Salve Regina University (Salve) is a private university in Newport, Rhode Island founded in 1934 by the Sisters of Mercy. The university is accredited by the New England Commission of Higher Education and enrolls more than 2,700 undergraduate and graduate students annually.Its 80-acre historical campus, bordering the coastal Newport Cliff Walk in the state of Rhode Island, is set on seven contiguous Gilded Age estates with 21 structures of historic significance. The university is home to the Pell Center for International Relations and Public Policy.Salve is a member of the NCAA Division III and in 2018 about 460 students – about 17% of the student body – participated in intercollegiate athletics.
On March 6, 1934, the state of Rhode Island granted a charter to the Sisters of Mercy of Providence for a corporation to be named Salve Regina College (translated in Latin to mean "Hail Queen" or "Hello Queen"). The charter specified that the college would exist "to promote virtue, and piety and learning". In 1947 the corporation received the gift of Ochre Court, a 50-room Newport mansion, and admitted its first class of 58 students in the autumn of that year. The college's first president was Mary Matthew Doyle (1870–1960), who was also the first Mother Provincial of the Sisters of Mercy of Providence.During the 1950s two more buildings were added to the campus: Moore Hall, originally built in 1890, was donated to the college in 1955 by Cornelius Moore, a former Newport mayor and chairman of the original board of trustees; McAuley Hall, originally the Vinland Estate, was donated to the college in 1955 by the daughter of Florence Adele Vanderbilt Twombly.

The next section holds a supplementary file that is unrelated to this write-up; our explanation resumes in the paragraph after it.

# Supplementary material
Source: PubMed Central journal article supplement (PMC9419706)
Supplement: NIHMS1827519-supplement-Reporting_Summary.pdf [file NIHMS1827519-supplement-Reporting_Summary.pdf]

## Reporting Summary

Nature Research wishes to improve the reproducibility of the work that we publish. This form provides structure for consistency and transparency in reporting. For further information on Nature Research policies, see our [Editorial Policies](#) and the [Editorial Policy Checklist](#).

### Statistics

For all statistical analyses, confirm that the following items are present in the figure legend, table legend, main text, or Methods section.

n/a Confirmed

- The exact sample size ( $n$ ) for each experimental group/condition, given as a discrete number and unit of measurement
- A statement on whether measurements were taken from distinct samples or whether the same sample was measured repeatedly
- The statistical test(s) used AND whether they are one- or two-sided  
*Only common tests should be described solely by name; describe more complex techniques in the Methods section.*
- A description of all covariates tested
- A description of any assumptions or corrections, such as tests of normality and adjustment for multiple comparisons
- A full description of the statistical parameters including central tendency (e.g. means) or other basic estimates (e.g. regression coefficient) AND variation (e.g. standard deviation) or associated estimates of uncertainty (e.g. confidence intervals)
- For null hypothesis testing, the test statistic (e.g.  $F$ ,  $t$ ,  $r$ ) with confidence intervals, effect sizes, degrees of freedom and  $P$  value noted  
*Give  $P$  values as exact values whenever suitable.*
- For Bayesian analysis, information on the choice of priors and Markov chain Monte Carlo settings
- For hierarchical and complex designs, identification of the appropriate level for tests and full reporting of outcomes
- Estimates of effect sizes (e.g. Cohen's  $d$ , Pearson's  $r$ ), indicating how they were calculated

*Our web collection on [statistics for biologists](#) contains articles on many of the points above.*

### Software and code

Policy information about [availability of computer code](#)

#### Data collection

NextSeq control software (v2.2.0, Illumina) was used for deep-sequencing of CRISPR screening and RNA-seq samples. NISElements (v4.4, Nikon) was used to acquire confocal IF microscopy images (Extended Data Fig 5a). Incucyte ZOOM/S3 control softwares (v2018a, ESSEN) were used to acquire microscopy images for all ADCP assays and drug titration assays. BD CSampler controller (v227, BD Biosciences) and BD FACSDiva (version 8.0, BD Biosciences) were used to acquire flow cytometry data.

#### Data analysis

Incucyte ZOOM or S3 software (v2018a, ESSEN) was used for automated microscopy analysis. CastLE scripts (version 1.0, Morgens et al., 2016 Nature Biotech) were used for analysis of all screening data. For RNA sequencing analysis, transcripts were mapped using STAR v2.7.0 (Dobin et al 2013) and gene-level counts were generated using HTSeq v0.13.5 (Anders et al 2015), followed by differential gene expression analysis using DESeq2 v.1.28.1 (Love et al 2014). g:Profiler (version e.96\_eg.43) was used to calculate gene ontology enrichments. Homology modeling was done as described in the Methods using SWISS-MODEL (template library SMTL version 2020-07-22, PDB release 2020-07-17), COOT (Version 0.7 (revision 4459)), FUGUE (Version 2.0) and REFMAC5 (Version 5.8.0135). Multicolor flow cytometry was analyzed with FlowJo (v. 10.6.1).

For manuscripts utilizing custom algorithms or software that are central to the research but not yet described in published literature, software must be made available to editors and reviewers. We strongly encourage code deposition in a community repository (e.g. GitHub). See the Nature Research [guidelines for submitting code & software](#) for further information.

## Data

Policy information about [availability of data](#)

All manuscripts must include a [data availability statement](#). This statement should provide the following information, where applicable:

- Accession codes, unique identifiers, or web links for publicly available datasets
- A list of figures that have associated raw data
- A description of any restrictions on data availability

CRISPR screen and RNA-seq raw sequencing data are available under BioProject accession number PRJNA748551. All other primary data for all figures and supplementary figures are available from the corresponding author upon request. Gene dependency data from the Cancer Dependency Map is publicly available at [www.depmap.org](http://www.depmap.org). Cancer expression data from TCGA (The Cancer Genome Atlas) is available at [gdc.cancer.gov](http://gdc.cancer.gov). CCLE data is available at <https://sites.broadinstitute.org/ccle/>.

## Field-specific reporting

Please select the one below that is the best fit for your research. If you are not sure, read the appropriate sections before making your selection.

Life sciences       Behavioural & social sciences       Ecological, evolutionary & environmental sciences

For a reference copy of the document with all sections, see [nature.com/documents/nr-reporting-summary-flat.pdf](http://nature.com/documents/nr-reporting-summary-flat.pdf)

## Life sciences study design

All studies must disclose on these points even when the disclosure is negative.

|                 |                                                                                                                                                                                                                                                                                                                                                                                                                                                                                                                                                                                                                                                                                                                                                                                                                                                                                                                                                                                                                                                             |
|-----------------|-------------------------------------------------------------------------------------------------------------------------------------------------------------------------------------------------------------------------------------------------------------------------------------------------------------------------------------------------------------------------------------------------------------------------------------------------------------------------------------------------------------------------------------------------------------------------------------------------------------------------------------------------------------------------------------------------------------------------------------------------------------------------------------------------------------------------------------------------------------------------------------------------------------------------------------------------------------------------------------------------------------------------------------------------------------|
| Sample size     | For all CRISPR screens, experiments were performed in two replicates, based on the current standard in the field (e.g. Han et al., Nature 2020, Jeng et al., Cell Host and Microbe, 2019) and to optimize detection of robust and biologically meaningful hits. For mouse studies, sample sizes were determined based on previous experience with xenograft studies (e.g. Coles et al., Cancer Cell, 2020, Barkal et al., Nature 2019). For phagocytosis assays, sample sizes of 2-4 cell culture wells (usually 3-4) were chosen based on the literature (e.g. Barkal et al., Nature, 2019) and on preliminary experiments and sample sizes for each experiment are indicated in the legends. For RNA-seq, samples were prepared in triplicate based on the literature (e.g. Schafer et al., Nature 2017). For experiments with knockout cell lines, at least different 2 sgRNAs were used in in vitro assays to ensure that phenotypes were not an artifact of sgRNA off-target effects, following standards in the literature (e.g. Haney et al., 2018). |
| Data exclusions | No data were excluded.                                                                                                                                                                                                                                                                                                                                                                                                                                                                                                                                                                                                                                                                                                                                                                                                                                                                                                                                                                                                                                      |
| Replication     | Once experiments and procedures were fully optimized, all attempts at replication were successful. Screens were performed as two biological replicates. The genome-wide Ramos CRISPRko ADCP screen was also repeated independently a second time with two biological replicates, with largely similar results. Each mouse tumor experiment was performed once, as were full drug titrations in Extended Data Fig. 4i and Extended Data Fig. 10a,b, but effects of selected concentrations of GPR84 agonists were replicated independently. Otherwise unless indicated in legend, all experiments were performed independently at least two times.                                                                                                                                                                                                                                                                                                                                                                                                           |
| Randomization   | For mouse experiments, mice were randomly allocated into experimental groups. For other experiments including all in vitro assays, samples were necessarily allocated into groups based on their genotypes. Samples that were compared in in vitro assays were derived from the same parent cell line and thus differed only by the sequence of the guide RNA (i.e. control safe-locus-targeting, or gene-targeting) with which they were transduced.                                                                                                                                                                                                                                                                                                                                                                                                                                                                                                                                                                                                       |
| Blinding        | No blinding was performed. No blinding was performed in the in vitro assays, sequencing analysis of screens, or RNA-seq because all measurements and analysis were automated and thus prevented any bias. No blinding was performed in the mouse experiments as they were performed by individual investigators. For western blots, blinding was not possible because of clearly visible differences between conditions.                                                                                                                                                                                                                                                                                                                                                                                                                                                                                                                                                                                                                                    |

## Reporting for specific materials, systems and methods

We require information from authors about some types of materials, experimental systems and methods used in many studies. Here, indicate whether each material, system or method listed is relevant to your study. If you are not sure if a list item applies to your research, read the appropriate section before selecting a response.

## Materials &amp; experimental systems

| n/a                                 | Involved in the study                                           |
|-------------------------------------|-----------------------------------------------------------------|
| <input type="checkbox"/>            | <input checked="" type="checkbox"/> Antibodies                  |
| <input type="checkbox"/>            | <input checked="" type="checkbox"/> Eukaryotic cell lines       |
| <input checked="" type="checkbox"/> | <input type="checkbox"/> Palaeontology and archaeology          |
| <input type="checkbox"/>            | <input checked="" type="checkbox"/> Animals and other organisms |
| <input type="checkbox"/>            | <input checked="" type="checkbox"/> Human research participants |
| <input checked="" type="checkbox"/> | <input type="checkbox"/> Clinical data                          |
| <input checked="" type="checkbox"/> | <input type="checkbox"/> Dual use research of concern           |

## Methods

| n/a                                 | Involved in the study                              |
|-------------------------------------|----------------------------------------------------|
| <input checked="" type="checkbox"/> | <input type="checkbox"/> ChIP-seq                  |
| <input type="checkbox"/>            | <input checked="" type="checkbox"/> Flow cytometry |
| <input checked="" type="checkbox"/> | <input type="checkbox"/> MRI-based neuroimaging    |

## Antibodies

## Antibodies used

Originally a women's college, Salve Regina became coeducational in 1973, added graduate programs in 1975 and achieved university status in 1991. The changes came about during the tenure of its longest-serving president, Lucille McKillop, who headed the institution from 1973 until 1994. During that time the school went from 1000 students studying nine majors to over 2300 students studying 25 majors.By 2000 the campus had expanded to 60 acres and included 18 buildings of historical significance. The university received an Historic Preservation Award from the Rhode Island Historical Preservation and Heritage Commission in 2000 for its work in the preservation and "sensitive adaptation" of the buildings and the 1999 National Preservation Award from the National Trust for Historic Preservation. In 2002 the university received a Getty Grant Program award to develop a campus heritage preservation plan.In December 2015 the university received a Tree Campus USA designation, a program of the Arbor Day Foundation which recognizes and encourages the best practices of planting and caring for campus trees and the engagement of students in environmental stewardship. The University was also accredited by the Morton Arboretum as a Level II arboretum for its historic trees and landscapes in 2016.